Over the last couple of weeks, I have reported that the Federal Housing Administration (FHA), as of June 12, will drastically reduce the fees for certain FHA streamline refinance programs.
This clearly is great news for eligible borrowers because high fees often offset the benefit of refinancing for a lower interest rate.
At the same time, however, the FHA is increasing its fees on purchase loans. Whether this is being done to offset future losses or something else, I cannot tell you, but a new FHA loan is not nearly as good a deal as it used to be.
As of April 9, the annual mortgage insurance premium (MIP), paid monthly by the borrower, increases from 1.15 percent to 1.25 percent of the loan amount. The upfront MIP (UFMIP), which must be paid in cash or added to the borrower's loan amount, increased to a whopping 1.75 percent from 1 percent.
This morning, I ran some numbers for a first-time homebuyer named Erin, using the new FHA fees. She is looking for homes in the $280,000 range, and she has $16,000 in savings. Let's dissect the details of a hypothetical FHA loan.
FHA requires a 3.50 percent down payment. Erin would use $9,800 of her savings for the down payment, leaving a base loan amount of $270,200.
Erin doesn't have enough money to pay the UFMIP of $4,729 (.0175 x $270,200) from her savings, so it would be financed into the loan, making the amount she borrows $274,929.
FHA rates are low - at least seemingly low. With no points, Erin can expect a 30-year fixed-rate loan close to 3.75 percent. The monthly principal and interest (P&I) payment with that rate is $1,273.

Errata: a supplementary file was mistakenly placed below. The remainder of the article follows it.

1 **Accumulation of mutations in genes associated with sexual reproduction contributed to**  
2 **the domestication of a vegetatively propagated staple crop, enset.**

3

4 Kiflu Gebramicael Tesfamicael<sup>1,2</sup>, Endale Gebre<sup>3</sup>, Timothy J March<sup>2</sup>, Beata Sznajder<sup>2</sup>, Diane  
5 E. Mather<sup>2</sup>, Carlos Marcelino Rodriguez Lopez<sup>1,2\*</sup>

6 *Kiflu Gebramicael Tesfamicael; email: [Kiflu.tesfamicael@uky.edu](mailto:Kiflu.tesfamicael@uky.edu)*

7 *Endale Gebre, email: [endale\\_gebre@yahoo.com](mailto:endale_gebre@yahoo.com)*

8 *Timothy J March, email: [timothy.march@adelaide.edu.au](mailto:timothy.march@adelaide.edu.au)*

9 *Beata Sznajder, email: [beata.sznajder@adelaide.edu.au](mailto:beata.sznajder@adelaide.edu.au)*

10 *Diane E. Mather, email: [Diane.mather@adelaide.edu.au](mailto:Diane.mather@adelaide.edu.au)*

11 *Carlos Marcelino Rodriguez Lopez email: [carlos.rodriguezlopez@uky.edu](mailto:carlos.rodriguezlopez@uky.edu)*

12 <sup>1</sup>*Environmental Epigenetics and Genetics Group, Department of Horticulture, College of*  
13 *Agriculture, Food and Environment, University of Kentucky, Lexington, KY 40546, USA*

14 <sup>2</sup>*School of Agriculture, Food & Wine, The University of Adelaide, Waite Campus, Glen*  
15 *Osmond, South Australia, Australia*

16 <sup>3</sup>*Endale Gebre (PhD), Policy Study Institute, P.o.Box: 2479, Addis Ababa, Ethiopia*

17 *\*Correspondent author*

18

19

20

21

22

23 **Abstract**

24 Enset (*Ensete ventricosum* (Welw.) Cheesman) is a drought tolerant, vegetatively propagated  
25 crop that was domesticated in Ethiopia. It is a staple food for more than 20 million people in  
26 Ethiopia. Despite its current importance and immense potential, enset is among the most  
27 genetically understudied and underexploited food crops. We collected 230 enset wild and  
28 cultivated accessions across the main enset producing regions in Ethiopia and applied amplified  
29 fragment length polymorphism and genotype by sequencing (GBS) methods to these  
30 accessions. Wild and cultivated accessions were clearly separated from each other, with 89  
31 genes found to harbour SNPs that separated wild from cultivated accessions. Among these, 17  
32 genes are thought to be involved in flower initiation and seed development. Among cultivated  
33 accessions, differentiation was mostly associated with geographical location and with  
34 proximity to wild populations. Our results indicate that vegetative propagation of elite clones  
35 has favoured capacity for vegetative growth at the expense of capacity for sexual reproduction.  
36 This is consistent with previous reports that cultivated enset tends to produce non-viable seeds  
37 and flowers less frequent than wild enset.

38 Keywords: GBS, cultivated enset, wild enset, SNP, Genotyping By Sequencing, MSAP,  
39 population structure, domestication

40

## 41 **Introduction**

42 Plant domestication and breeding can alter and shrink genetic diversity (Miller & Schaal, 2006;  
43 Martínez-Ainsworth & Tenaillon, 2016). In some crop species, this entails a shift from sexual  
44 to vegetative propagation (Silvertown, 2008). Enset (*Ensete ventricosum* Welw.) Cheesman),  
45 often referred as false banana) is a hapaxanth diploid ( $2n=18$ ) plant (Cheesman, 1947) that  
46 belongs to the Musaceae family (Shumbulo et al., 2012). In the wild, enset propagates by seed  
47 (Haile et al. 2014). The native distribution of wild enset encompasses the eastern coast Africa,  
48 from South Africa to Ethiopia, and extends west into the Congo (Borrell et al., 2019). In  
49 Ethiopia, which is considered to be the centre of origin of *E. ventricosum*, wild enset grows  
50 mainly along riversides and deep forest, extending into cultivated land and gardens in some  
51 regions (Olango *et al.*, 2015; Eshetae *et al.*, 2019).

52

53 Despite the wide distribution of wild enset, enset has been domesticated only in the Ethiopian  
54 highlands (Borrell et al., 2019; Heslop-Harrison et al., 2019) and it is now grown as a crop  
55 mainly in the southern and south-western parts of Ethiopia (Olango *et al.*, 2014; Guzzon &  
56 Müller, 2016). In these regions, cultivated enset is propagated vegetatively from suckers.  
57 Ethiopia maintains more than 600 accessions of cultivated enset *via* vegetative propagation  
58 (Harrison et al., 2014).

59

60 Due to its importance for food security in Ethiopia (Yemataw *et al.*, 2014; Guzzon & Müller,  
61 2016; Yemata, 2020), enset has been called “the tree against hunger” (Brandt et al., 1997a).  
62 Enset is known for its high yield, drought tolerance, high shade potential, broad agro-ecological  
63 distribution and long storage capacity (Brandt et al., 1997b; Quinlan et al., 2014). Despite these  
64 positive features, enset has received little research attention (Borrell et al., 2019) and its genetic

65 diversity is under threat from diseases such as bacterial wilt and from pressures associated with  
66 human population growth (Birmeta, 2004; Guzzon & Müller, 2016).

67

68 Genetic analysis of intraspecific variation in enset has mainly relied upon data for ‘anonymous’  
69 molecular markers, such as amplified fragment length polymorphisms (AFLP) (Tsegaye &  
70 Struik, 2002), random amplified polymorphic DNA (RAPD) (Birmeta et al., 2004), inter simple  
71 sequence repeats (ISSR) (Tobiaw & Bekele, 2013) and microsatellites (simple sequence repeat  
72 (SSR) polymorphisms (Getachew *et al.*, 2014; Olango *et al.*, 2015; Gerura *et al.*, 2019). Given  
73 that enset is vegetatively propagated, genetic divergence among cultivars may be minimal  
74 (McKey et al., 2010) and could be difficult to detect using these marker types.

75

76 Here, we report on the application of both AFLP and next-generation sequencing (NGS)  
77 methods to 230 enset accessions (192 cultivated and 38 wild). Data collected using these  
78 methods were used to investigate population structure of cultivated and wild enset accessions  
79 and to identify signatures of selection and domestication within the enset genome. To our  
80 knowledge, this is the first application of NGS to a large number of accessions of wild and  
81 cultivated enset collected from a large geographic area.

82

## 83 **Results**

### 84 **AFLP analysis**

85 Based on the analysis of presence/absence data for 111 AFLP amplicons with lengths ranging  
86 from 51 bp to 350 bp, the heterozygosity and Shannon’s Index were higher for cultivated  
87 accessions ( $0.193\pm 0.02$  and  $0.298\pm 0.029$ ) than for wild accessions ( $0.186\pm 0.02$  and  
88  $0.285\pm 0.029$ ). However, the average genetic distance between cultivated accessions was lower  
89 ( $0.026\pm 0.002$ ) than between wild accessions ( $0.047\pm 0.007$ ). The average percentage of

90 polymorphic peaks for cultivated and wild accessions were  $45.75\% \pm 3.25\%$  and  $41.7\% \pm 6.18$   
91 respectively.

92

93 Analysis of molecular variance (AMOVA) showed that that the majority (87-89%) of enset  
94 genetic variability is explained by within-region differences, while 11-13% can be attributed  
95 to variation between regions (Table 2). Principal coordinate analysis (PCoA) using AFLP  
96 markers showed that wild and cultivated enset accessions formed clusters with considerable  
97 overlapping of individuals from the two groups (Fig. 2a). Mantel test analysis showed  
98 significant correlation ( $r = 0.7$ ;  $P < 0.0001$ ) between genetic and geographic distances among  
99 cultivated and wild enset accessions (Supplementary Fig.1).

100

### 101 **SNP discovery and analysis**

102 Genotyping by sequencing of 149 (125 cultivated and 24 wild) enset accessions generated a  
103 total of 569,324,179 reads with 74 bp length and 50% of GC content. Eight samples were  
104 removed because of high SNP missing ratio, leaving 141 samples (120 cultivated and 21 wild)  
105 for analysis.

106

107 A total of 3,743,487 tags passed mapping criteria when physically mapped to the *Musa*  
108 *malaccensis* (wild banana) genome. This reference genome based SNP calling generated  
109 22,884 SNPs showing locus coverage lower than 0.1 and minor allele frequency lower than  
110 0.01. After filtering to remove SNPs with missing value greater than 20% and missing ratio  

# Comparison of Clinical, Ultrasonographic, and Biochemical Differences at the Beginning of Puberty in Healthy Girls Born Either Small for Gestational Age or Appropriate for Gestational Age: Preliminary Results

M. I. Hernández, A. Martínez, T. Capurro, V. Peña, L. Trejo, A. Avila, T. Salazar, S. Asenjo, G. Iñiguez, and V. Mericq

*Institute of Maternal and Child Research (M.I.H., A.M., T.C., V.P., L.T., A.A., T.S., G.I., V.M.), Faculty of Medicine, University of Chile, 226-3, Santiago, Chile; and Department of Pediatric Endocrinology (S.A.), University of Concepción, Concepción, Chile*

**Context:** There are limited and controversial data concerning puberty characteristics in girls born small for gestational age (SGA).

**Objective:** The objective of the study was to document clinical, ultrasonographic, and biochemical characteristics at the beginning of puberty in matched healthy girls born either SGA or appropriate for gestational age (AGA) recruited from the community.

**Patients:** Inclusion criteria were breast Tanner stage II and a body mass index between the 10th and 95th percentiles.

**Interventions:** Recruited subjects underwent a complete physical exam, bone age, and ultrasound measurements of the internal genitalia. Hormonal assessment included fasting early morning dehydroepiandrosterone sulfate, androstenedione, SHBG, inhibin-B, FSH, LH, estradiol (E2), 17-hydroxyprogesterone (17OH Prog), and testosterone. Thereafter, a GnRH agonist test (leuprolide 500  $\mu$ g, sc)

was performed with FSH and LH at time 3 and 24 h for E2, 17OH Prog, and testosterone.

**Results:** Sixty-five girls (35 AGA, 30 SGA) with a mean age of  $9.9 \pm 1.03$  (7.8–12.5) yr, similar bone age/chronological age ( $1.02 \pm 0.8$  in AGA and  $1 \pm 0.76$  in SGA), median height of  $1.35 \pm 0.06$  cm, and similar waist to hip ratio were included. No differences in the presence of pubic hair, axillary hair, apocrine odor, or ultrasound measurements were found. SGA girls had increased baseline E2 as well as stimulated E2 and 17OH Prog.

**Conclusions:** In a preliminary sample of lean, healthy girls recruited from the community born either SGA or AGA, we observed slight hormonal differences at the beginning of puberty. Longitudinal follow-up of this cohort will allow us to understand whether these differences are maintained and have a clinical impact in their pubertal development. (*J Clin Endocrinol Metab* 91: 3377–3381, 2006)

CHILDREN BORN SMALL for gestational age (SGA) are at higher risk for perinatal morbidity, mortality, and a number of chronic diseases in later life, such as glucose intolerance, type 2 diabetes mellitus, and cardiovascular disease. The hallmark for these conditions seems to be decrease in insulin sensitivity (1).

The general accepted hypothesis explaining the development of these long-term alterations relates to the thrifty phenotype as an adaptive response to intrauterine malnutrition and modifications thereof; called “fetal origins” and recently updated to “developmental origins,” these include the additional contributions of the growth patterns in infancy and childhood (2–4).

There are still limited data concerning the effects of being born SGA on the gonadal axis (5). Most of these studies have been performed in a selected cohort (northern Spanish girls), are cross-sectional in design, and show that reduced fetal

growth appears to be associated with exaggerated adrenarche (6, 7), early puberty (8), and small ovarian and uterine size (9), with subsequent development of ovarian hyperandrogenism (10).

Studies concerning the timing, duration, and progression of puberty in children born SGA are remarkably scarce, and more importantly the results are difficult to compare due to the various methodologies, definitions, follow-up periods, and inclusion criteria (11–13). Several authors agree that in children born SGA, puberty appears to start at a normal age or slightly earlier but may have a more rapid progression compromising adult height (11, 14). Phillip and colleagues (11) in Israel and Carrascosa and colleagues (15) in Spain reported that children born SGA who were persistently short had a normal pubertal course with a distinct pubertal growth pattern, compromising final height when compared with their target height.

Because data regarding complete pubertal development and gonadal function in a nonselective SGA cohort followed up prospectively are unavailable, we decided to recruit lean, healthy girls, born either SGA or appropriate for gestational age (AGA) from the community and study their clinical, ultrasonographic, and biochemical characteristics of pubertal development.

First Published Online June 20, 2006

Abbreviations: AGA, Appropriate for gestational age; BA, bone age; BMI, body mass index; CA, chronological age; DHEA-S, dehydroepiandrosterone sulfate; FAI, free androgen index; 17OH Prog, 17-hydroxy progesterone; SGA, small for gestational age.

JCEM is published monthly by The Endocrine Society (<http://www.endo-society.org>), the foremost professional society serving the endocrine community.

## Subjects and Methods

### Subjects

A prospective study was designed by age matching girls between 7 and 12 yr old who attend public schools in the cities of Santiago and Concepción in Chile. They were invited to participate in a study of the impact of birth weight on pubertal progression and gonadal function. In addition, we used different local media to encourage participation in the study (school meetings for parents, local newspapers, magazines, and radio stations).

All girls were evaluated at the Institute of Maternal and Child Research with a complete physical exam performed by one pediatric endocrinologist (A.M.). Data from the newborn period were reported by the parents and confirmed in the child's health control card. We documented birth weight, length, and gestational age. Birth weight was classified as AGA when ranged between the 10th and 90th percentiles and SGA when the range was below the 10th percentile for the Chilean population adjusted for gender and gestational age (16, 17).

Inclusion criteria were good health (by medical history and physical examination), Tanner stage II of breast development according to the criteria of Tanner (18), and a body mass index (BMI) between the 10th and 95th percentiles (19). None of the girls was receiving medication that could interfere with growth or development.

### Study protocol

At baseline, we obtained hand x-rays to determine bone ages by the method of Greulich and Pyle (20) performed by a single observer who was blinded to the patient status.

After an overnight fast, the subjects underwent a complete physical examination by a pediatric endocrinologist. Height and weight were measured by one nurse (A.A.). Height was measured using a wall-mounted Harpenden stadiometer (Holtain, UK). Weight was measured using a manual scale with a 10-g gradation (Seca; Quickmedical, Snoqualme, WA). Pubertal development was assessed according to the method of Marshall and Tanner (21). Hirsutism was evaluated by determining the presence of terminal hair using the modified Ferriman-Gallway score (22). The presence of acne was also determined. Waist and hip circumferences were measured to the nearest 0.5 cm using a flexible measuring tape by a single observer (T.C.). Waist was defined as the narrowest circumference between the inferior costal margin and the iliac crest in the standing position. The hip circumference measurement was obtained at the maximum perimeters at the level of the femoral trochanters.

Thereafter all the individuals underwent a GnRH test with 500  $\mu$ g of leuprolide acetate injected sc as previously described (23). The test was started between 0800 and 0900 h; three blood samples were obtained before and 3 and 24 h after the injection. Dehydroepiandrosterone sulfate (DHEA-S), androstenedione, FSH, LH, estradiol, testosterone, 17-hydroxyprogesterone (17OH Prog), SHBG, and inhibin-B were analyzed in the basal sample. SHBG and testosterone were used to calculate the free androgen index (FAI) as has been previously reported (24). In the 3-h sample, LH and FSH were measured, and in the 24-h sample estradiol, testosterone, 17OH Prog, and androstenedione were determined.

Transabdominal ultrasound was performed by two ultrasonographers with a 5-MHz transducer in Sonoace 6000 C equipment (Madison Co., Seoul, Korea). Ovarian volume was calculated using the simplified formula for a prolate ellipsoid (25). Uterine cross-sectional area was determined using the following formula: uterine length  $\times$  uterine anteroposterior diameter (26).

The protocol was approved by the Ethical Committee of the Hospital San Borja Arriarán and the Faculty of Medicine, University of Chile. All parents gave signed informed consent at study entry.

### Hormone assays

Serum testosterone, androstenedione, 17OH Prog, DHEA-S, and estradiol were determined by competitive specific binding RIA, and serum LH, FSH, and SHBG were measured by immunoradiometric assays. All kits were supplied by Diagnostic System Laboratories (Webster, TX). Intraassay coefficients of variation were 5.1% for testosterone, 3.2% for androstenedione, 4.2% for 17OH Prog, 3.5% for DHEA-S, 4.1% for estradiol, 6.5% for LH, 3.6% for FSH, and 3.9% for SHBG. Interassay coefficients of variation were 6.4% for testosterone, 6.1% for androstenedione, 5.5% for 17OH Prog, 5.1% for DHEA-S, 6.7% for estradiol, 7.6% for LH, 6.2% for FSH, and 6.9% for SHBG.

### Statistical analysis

The annual MIP is 1.25 percent, adding $281 to the monthly payment, making her payment $1,554, excluding taxes and insurance, which will remain the same regardless of the type of mortgage she obtains.
Is this a good deal? Let's see. Without any MIP or UFMIP, Erin would have a $270,200 loan at 3.75 percent. Her monthly P&I would be $1,271. Instead, she's paying $1,554 to cover the annual MIP and she's more in debt to the tune of $4,729 to cover the UFMIP.
Let's express this as an interest rate, without the UFMIP. A P&I payment of $1,554 on a loan amount of $270,200 equates to a 30-year fixed-rate mortgage of 5.61 percent. Including the UFMIP in her loan balance, a $1,554 P&I payment would result in a rate of 5.46 percent.
Numbers don't lie, folks. FHA loans are back to being lousy deals for purchases. Looking quickly at its closest competition, which would be a conventional loan with a 5 percent down payment, I would be offering a 30-year fixed-rate loan of about 4.75 percent with no points and no MIP payment.
Under this scenario, Erin would have to come up with a $14,000 down payment instead of $9,800, but her loan balance would be $266,000, saving her the $4,729 UFMIP. And her P&I payment would drop to $1,388, instead of $1,554.
My advice to Erin is obvious. If at all possible, try to scrape up the extra 1.50 percent, or $4,200, and go with a conventional loan. Even though FHA requires only a 3.50 percent down payment instead of a 5 percent down payment, the FHA deal is a ripoff.
I doubt the FHA is going to have a lot of takers with these new numbers. Maybe that's its intention. Meanwhile, if you currently have an FHA loan, you might be in for a great refinance deal as of June 12.
Send email to firstname.lastname@example.org.